I thought this bit was interesting:

Keane never went to college, nor did he ever write a newspaper story until he had been with the Globe for 13 years as a copy boy and real-estate space salesman. But since he began a quarter of a century ago he has covered virtually every sport, including a memorable dog show. A famous dog died, but Keane, unaware of the dog’s esteem in the canine world, did not mention the fact until near the end of his story. The managing editor called him in to find out why. “A dog died,” Keane replied. “I buried it.”

What? A newspaper writer who didn’t go to college? Worked his way all the way from the bottom to become one of the top sports columnists in Boston? Not bad.

If you haven’t already, please cast your vote in the Who is the Best Sports Columnist? poll.


11 thoughts on “BSMW Retro – Clif Keane, The Original “Poison Pen”

  1. I think Clif Keane was the writer who told Jim Rice, “I can make you or I can break you.” No wonder why Jim Ed didn’t care for the press.


  2. I remember the old “Cliff and Claf” show on the Red Sox flagship station in the late-70s. Try to envision two guys playing Dana Carvey’s old “Grumpy Old Man” character from SNL, and then multiply the grumpiness by a factor of 10. That will give you an idea of what that show was like.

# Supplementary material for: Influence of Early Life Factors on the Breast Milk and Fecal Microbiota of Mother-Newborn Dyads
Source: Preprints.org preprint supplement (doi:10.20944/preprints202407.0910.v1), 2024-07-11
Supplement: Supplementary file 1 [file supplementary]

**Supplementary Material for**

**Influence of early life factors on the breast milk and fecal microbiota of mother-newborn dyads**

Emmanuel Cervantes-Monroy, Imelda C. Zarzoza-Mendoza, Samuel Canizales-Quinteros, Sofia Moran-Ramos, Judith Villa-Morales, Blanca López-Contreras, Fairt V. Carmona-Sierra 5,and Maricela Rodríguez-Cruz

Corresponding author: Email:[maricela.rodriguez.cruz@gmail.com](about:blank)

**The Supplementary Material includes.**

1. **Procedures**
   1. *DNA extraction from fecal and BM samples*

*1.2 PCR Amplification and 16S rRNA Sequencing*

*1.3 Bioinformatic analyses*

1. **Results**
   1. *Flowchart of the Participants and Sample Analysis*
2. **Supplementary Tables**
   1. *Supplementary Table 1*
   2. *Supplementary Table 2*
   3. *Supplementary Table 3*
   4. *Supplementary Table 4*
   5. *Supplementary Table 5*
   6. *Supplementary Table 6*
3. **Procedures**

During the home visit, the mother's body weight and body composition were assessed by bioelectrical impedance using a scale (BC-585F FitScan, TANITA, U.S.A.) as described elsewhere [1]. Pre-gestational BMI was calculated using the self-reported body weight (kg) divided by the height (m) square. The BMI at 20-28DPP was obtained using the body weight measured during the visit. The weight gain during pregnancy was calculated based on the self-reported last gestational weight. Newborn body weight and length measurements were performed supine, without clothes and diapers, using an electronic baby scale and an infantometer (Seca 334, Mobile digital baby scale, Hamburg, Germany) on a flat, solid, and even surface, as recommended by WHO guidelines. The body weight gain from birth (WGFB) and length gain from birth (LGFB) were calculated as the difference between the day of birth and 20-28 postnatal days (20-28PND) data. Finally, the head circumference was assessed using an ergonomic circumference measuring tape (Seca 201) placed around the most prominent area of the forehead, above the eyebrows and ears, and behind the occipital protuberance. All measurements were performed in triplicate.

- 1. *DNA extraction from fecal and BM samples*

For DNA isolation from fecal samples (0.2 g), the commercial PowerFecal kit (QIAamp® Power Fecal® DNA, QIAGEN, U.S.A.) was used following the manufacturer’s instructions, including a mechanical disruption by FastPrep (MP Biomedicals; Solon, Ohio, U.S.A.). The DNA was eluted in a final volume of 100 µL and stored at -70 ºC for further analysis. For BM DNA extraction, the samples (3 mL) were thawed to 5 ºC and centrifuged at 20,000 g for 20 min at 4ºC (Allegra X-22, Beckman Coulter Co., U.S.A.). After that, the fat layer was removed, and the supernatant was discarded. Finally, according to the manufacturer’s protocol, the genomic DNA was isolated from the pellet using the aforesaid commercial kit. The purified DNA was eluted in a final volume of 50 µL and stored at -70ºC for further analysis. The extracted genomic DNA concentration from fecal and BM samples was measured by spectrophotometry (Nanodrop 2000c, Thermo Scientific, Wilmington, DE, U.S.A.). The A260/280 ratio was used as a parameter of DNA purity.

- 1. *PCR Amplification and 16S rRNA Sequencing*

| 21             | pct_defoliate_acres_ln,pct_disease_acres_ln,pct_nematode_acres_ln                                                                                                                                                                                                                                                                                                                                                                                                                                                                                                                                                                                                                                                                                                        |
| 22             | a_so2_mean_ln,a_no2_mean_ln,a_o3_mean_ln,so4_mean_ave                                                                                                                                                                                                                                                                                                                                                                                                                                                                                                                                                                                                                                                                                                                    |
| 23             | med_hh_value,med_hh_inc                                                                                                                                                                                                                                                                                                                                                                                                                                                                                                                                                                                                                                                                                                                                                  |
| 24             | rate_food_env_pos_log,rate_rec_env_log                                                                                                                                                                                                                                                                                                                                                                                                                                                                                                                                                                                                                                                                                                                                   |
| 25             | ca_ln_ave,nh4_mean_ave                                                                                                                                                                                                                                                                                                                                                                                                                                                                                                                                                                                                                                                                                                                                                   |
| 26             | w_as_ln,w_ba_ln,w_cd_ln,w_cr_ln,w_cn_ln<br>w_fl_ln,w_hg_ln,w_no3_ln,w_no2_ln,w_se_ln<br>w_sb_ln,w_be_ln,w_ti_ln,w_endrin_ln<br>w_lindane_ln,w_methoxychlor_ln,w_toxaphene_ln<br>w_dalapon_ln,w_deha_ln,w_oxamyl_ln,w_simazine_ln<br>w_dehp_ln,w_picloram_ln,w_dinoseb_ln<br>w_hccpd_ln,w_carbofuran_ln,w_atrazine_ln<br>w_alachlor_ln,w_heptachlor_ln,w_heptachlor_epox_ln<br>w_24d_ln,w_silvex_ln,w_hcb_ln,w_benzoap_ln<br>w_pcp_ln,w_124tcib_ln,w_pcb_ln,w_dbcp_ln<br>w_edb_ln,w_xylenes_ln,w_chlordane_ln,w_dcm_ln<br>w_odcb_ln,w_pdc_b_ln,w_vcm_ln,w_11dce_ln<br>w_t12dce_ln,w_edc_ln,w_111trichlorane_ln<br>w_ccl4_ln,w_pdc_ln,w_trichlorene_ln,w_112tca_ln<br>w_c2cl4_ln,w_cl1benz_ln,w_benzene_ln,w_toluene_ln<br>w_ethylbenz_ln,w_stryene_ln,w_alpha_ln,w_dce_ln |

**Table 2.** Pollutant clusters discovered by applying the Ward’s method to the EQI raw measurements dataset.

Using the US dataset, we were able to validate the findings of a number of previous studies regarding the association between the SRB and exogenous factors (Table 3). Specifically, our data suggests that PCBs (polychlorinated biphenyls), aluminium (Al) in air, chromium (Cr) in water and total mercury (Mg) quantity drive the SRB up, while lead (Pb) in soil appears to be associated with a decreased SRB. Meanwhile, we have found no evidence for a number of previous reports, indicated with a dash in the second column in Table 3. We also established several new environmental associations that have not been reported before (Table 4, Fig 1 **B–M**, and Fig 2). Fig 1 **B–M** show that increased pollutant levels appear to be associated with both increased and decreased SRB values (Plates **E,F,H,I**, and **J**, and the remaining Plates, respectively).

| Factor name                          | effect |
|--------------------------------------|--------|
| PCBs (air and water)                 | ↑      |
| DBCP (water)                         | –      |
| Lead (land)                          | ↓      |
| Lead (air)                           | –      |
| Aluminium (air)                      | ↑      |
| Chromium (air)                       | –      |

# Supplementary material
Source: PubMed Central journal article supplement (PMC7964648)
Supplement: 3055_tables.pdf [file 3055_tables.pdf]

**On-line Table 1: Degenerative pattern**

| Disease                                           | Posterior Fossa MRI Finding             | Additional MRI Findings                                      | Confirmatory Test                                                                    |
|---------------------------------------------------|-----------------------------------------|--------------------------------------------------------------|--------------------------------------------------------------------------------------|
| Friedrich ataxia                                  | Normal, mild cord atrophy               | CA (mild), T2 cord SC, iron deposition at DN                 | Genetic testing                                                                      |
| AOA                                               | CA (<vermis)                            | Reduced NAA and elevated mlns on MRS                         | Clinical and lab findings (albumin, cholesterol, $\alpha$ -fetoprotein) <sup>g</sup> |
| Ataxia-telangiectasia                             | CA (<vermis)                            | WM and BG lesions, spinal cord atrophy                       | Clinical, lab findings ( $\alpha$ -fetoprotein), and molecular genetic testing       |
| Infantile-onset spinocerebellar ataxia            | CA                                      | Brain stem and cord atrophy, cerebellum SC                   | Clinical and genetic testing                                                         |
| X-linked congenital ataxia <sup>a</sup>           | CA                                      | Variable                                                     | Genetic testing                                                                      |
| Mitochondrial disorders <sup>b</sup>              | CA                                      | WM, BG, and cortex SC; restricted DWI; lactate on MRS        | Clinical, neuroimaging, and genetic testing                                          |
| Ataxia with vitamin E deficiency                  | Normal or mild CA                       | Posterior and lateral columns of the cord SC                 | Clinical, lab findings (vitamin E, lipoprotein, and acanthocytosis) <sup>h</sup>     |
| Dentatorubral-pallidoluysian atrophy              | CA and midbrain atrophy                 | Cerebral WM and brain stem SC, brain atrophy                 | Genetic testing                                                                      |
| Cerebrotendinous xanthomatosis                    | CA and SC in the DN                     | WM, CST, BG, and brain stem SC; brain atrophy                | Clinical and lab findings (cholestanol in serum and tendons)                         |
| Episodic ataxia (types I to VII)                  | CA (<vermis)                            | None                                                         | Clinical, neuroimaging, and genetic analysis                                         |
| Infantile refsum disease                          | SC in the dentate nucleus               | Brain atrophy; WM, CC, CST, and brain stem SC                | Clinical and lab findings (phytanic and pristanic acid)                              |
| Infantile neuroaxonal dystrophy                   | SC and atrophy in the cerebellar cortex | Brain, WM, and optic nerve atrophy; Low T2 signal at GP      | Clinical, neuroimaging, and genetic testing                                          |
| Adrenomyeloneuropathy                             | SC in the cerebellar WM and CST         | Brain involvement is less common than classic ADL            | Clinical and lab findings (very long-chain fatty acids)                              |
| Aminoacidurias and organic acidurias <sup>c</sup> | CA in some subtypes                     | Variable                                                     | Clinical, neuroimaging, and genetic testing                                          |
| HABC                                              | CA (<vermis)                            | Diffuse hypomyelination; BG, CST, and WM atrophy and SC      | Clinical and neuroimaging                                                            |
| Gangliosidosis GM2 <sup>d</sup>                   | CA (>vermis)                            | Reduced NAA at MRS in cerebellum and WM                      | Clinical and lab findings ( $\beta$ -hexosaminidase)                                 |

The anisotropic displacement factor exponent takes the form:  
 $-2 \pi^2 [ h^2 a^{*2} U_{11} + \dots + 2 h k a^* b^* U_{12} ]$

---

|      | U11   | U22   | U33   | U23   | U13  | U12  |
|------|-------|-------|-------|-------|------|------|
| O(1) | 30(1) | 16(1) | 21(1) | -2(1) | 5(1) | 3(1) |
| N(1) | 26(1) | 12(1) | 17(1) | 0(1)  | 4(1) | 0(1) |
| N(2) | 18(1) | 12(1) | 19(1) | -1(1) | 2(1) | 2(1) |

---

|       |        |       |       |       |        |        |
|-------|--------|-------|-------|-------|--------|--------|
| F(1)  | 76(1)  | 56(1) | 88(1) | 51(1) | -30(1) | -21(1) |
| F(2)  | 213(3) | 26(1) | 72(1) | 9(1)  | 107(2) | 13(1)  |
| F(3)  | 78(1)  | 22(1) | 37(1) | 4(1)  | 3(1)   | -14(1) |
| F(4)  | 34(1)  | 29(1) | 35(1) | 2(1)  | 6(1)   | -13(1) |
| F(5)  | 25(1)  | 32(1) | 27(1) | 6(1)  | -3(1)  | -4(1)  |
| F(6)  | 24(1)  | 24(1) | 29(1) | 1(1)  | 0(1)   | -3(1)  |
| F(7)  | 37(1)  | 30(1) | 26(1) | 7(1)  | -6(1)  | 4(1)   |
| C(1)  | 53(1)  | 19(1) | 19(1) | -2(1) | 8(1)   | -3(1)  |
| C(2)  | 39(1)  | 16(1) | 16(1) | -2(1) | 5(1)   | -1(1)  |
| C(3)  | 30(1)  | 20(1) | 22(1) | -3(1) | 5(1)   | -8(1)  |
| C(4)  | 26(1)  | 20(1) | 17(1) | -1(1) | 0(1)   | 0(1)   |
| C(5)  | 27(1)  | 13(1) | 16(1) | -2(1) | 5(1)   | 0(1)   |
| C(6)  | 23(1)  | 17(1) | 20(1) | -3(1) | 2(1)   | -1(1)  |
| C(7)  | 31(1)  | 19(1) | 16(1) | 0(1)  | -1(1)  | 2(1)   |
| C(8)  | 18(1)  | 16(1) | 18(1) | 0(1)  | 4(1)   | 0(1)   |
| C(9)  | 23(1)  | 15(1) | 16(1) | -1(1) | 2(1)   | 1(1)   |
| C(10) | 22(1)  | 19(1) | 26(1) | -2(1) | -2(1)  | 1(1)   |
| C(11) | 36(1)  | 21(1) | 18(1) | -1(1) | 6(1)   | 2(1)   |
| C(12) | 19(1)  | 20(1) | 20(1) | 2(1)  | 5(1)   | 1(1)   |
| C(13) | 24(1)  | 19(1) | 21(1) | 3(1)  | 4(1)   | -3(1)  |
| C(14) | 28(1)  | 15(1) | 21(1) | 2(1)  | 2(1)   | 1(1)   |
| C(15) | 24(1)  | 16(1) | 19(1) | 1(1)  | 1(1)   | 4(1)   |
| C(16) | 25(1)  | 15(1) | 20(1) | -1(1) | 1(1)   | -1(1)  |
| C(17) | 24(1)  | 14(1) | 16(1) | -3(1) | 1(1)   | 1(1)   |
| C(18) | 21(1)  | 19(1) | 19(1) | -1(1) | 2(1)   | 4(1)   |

3. The fact Keane is considered a legend by many in Boston is why Boston has a poor press reputation around the country. He was a douche in any age.


  4. After reading the snippets of Clif’s “conversation” with Early Wynn, doesn’t it seem that Wynn was close to attacking Clif? They barely seemed to be civil. Apparently, Wynn had reason not to be civil.


  5. Boston has a poor press reputation because the players resent writers for being part of the celebrity culture. The fans are partially responsible for making the writers “celebrities” because of the obsession the general public in Boston has with the media.


  6. I also remember, as a teenager listening to the Cliff and Claff radio show. Keane’s ongoing rants against George Scott, including mocking his eating chicken in the locker room, seemed pretty racist. It made me wonder what he said when not on the airwaves.